Friday, February 28, 2020

FFB Review: Drum Beat-Madrid by Stephen Marlowe

For this final Friday in February 2020, it seemed like a good time to blow the dust off of this review which first ran back in 2014. After you read his review of  Drum Beat-Madrid by Stephen Marlowe. Make sure to head over to Todd Mason’s Sweet Freedom Blog where he will have the roundup of the FFB reviews for this week posted as soon as possible. 

DRUM BEAT--MADRID (1966) by Stephen Marlowe

Reviewed by Barry Ergang

His primary office is in Washington, D.C., but private detective Chester Drum has also opened one in Geneva, Switzerland because his cases so frequently take him out of the United States. One of his most prominent clients, and a recurrent character in several books in this series, is Axel Spade. As Drum explains, “Axel Spade gives professional advice to black marketeers and smugglers. His going rates for an interview are a hundred bucks a half hour, and if you need the kind of advice Spade gives, a half hour of his time is the best investment you can make.” Spade has homes in New York City and Geneva, but must be careful about traveling elsewhere. He’s wanted in more than twenty countries.

When Drum Beat--Madrid opens, Spade and Drum are driving to Navarre, Spain, specifically to the ranch of Captain General Don Santiago Sotomayor, retired commander of the Guardia Civil. The purpose of the trip? Spade is going to marry Sotomayor’s niece, Luz Robles. Drum is to be his best man and, because he has a fair number of enemies, his bodyguard.

The Sotomayor family, the reader soon learns, is as dysfunctional as any outside of a Ross Macdonald novel. Don Santiago’s brother Hernando was a Loyalist during the Spanish Civil War. Don Santiago turned him in, and Hernando was executed. His son José was raised by Don Santiago. His wife and daughter went to Caracas, Venezuela. The wife died there, and Luz was raised by the Robles family. Son Ramón was adopted and raised in Baltimore, Maryland by Hernando’s closest friend. He’s now in the American Army, stationed in Spain, and calls himself Ray Moyers. He clearly has more than a platonic interest in his sister.

The schedule calls for José, who hasn’t seen his sister since they were children, to fly Luz from Madrid to Don Santiago’s ranch. When he lands and Luz is not with him, he explains: “We met in Madrid in the Ritz bar at noon. She had some shopping to do, she said. We were to meet later at the airport. I waited. She did not come. Still I waited. And then, at last, she sent a note saying she was afraid to fly with her señorito of a brother and had decided to take the train to Pamplona instead.”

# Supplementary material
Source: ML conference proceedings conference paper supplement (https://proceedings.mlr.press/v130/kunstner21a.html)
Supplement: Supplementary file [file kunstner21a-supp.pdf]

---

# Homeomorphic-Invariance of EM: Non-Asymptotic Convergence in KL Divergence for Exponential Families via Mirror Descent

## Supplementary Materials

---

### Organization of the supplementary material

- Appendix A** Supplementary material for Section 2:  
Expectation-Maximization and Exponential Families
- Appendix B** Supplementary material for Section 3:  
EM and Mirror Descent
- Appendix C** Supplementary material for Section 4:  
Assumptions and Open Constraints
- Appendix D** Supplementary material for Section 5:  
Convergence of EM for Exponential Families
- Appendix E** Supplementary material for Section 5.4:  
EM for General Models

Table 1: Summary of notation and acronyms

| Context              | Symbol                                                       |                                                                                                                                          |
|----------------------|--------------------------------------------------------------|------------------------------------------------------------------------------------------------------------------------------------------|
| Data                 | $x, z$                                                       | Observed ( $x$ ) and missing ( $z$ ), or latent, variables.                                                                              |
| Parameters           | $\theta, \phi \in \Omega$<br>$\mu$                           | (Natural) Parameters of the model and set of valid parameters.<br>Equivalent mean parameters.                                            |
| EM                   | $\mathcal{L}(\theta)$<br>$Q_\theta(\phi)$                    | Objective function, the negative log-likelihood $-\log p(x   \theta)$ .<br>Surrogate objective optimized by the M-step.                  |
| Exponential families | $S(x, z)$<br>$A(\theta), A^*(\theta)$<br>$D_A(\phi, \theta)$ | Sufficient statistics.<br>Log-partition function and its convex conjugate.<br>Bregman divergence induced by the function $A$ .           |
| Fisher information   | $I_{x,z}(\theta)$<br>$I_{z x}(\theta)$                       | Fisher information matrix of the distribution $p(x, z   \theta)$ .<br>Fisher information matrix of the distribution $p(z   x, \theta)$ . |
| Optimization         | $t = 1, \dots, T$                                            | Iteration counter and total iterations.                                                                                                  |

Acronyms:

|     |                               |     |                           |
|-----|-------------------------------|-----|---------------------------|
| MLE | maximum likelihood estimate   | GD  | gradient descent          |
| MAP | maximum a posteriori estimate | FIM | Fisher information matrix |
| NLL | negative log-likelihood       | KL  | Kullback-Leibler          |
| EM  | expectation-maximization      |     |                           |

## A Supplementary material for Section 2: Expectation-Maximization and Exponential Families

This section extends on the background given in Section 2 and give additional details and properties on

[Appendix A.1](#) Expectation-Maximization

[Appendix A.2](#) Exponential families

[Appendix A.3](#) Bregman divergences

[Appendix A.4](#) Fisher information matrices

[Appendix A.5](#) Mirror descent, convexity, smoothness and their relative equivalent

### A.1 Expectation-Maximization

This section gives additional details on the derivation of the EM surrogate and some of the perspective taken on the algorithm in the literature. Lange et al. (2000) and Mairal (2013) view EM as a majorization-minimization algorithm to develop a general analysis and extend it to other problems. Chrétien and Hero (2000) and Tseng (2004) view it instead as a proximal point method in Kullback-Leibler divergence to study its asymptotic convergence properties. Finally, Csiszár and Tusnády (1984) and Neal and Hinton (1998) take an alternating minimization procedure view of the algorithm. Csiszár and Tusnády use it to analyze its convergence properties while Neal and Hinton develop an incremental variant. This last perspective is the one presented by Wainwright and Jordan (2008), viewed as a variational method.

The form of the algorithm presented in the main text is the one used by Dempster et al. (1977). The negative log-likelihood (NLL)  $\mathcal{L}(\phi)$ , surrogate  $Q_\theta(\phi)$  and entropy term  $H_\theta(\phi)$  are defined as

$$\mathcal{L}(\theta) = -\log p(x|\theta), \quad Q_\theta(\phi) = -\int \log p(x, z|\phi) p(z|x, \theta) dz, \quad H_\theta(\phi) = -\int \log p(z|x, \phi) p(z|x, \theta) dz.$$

A ransom note arrives at the ranch the next morning demanding fifty thousand dollars for Luz‘s return, leaving Drum and Spade to wonder why the ransom amount is so low, since Don Santiago can afford a great deal more. Drum spent two years with the FBI before going private, and has more experience handling kidnappings than the Guardia Civil. But Spade is initially unable to persuade Don Santiago to keep the two of them in the loop, let alone to permit Drum to investigate. It’s only after the kidnappers fail to appear at the designated ransom site they send Don Santiago to that the old man grudgingly agrees to let Drum take over. Take over he does, heading immediately to Madrid to try to retrace Luz’s steps and get a line on her current whereabouts--and those of her kidnappers. In doing so he encounters his share of colorful and well-delineated characters; surprises and revelations, not the least of which is the secret of the Sotomayor family treasure; some moral and ethical issues; and plenty of action, especially in Pamplona during the running of the bulls.   

According to Marlowe’s obituaries in The New York Times and The Boston Globe, he was well-traveled and lived in France, Spain and Switzerland. To anyone who has read any of the Chester Drum novels, this will come as no surprise: Marlowe’s sense of place and its culture was always meticulously and vividly rendered. Drum Beat--Madrid is no exception.

Barry Ergang ©2014, 2020

Among other works, Derringer Award-winner Barry Ergang's own impossible crime novelette, The Play of Light and Shadow, is available at Amazon and Smashwords as is his recently released book of poetry, Farrago, and other entertaining reads. For more on Barry’s books as well as his editing services, check out Barry’s website.  

1 comment:

Jerry House said...

Once Marlowe moved out of his early formulaic work (mostly published under Milton Lesser, his birth name), he became a force to reckon with. His early crime novels and his Chet Drum books have been greatly underappreciated. These, as well as his later mainstream novels, deserve a rediscovery.